A New Rhythmic Star
By Valentina Nikiforova
Moscow News, #39, 1985 Marina Lobach, 15, a schoolgirl from Minsk, won the USSR Cup in rhythmic gymnastics for the first time. The victory won her the right to go to Valladolid in Spain where the world championship will be held on October 10-13.
Only quite recently this graceful blonde gymnast dreamed of even a little resembling Dalia Kutkaite, one of the leaders of the national RSG team. And now Marina was not only competing on a par with the experienced gymnast from Vilnius, but even managed to win. She outdid Dalia by 0.05 of a point. Firm concentration is needed to be able to compete so intensely.
Marina's hometown is Smolevichi, 120km from Minsk. She grew up in this small town surrounded by forests. She is very impressionable, fond of music and ballet, and also writes verses. Probably, the sum total of these hobbies helps her in her art, without which RSG is unthinkable.
Marina is the third daughter in the family of carpenter Vikenty Lobach and his wife Faina, who is a pastry cook. None of the elder daughters ever went in for sports. But for Marina, who once chanced to come to the gym, sport has always remained a fete of music, elegance and beauty. True, she admits that this fete immediately called for certain sacrifices -- after all, her mother is a pastry cook and cooks very well on the whole!
Marina's first coach was Irina Leparskaya, who introduced the girl to RSG in Smolevichi. At that time, Marina was in the first grade at school. In two years of work with Marina, Leparskaya discerned that the girl had the good makings for a gymnast, and asked Galina Krylenko, her acquaintance of long standing and twice world champion in group exercises, to coach Marina for a while. At the same time, Galina was at the end of her sports career but not yet thinking about coaching. But quite unexpectedly, Galina for some reason took the fragile girl who seemed to be made "merely of angles" and Galina abandoned her cozy study and went to work coaching.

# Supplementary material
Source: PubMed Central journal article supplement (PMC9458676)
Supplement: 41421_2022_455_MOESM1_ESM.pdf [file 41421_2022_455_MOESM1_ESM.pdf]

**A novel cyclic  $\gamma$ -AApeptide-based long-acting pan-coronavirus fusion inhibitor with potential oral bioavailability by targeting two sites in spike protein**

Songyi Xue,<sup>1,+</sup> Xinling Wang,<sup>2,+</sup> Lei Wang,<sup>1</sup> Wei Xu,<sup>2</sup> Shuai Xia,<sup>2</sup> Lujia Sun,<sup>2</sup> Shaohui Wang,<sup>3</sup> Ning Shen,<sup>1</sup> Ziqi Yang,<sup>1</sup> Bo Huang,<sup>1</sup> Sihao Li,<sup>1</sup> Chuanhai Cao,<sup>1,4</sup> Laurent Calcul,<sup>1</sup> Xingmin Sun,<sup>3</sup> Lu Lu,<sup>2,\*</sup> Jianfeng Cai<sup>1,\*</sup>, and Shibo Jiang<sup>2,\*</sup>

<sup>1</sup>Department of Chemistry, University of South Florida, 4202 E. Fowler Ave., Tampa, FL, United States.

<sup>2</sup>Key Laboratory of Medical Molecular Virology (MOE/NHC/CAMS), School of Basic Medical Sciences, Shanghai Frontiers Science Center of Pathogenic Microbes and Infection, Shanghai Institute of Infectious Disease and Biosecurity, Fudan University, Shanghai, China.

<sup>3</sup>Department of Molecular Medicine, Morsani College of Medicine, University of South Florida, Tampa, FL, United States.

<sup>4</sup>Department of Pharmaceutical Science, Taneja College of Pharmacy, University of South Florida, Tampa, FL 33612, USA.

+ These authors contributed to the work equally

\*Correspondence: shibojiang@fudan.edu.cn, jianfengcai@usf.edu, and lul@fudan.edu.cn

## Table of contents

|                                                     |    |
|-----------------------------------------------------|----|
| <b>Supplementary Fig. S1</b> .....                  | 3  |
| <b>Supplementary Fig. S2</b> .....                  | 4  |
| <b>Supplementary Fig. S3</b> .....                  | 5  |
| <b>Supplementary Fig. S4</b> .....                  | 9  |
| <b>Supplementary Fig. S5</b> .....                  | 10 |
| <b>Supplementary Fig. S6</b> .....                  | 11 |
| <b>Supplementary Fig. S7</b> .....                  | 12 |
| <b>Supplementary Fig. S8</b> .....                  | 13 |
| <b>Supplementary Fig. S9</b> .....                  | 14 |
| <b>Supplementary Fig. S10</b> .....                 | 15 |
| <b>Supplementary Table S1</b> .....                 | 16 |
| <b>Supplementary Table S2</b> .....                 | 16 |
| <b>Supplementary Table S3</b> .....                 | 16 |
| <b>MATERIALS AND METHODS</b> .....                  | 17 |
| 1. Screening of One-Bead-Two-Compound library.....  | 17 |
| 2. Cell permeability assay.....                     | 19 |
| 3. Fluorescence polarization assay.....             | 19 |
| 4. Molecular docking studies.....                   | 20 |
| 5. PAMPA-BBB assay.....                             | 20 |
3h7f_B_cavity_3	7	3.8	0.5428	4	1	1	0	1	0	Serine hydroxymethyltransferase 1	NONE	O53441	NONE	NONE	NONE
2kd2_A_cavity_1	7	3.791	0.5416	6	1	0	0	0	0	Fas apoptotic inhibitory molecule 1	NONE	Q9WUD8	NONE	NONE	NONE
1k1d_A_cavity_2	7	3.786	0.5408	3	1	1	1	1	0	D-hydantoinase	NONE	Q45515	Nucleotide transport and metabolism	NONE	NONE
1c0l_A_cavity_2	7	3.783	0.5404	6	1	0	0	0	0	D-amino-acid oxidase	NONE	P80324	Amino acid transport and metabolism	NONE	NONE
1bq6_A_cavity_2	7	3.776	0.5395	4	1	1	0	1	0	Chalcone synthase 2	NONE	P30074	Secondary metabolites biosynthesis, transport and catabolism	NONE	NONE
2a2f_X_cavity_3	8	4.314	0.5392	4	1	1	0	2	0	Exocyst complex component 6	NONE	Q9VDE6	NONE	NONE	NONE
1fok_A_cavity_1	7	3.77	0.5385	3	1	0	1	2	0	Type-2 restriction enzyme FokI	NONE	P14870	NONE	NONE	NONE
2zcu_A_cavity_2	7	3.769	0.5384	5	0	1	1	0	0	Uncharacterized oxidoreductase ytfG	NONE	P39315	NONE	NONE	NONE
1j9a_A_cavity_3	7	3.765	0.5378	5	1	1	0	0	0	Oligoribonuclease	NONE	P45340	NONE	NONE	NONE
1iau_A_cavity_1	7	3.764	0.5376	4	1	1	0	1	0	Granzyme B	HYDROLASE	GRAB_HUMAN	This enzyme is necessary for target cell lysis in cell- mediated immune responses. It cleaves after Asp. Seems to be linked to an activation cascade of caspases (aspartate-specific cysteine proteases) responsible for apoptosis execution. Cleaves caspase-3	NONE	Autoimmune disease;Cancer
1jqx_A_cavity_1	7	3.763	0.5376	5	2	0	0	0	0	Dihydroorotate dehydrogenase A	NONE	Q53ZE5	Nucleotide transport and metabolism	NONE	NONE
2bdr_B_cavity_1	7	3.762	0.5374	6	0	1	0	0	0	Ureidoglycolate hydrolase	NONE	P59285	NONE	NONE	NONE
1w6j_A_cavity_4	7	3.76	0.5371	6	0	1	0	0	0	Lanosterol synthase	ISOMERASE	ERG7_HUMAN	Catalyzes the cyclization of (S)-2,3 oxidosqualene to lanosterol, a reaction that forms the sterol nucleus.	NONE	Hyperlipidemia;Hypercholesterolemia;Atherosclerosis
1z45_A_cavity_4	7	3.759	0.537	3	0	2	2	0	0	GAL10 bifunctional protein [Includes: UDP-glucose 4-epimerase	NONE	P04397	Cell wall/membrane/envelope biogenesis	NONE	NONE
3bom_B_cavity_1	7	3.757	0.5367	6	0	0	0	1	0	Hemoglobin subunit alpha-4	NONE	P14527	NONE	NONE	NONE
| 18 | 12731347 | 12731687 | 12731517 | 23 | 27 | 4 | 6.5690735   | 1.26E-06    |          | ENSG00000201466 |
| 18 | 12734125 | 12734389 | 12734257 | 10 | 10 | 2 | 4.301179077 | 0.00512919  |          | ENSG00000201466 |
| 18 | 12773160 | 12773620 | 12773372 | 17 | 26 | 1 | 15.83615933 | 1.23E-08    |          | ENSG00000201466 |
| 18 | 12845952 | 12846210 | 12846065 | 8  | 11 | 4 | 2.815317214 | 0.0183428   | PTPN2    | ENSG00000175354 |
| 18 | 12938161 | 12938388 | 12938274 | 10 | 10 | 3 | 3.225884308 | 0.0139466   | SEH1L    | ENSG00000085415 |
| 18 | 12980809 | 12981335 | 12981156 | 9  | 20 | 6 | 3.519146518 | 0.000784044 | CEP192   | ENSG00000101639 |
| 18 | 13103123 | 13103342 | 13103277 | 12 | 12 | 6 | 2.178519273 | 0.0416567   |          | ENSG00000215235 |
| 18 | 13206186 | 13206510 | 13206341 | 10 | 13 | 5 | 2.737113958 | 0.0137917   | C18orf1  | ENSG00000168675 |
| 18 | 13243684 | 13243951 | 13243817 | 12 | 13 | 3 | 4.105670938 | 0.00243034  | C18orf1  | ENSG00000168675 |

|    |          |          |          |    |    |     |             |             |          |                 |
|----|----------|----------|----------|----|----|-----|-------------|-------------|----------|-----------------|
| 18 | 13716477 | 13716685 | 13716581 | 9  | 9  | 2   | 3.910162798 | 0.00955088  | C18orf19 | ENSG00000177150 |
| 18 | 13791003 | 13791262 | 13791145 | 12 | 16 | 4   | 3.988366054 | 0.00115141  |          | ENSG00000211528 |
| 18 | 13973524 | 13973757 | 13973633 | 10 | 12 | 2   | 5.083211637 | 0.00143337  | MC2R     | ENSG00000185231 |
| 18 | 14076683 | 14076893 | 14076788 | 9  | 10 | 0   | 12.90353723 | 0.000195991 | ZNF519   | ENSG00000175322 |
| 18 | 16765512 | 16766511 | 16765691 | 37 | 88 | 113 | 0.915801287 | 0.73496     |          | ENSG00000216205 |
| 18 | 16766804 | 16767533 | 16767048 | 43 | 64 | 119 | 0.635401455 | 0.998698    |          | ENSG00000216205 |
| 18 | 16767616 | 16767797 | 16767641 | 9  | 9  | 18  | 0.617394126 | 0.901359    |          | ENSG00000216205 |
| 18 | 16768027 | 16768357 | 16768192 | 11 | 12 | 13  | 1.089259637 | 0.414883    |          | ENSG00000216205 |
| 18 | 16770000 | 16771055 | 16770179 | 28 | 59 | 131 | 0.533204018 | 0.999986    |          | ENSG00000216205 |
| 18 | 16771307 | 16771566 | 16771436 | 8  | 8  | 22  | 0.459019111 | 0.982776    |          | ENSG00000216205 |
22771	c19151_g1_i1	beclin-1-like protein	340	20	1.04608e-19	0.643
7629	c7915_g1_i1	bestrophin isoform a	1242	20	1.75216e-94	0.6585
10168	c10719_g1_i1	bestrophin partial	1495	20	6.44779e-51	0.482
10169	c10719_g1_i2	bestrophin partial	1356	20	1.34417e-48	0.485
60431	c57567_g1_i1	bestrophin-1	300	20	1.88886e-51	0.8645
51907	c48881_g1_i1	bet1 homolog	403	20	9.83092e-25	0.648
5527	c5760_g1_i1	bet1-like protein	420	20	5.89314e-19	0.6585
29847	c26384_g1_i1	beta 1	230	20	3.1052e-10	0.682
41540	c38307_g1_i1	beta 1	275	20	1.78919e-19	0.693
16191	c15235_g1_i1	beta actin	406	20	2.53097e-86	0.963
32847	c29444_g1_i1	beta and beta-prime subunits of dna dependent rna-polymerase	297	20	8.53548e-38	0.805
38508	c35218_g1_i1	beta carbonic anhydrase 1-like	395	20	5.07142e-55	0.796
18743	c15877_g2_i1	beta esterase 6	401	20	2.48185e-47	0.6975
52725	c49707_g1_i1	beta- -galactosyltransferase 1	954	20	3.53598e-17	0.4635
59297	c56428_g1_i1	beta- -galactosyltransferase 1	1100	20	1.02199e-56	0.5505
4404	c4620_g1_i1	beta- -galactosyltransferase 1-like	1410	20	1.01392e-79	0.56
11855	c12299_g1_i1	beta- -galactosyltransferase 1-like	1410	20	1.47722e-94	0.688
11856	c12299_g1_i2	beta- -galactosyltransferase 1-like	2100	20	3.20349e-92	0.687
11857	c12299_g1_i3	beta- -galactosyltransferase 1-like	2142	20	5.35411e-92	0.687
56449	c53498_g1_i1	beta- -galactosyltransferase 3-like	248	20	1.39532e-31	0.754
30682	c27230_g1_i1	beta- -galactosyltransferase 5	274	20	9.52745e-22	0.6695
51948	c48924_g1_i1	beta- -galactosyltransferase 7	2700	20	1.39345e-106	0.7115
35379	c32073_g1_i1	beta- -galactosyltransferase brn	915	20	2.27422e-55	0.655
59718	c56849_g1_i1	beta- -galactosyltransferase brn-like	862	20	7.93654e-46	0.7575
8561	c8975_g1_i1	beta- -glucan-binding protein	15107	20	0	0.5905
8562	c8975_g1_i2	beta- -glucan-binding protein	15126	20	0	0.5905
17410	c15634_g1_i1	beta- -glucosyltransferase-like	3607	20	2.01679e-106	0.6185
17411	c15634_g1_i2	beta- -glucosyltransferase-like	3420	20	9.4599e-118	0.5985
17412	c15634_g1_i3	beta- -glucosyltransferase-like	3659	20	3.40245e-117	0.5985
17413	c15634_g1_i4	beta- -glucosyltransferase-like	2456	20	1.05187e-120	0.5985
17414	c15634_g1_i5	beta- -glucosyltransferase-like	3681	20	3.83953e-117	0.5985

It was practically impossible to live in Smolevichi and commute regularly to Minsk for training. Marina made her first serious decision in life -- to move to Minsk, join the sports boarding school and train properly. She continued her studies at school and trained intensively. In about two years' time she overtook the other girls of her age and gradually started leaving them behind in techniques and performance.
At training sessions she is all attention. She absorbs all the coach's remarks like a sponge. Marina always strives to perform an element with utmost precision. By the time Marina turned 15 she had made it among the leading gymnasts like Galina Beloglazova and Dalia Kutkaite. The specialists noted the dynamics and the complexity of Marina's new program.
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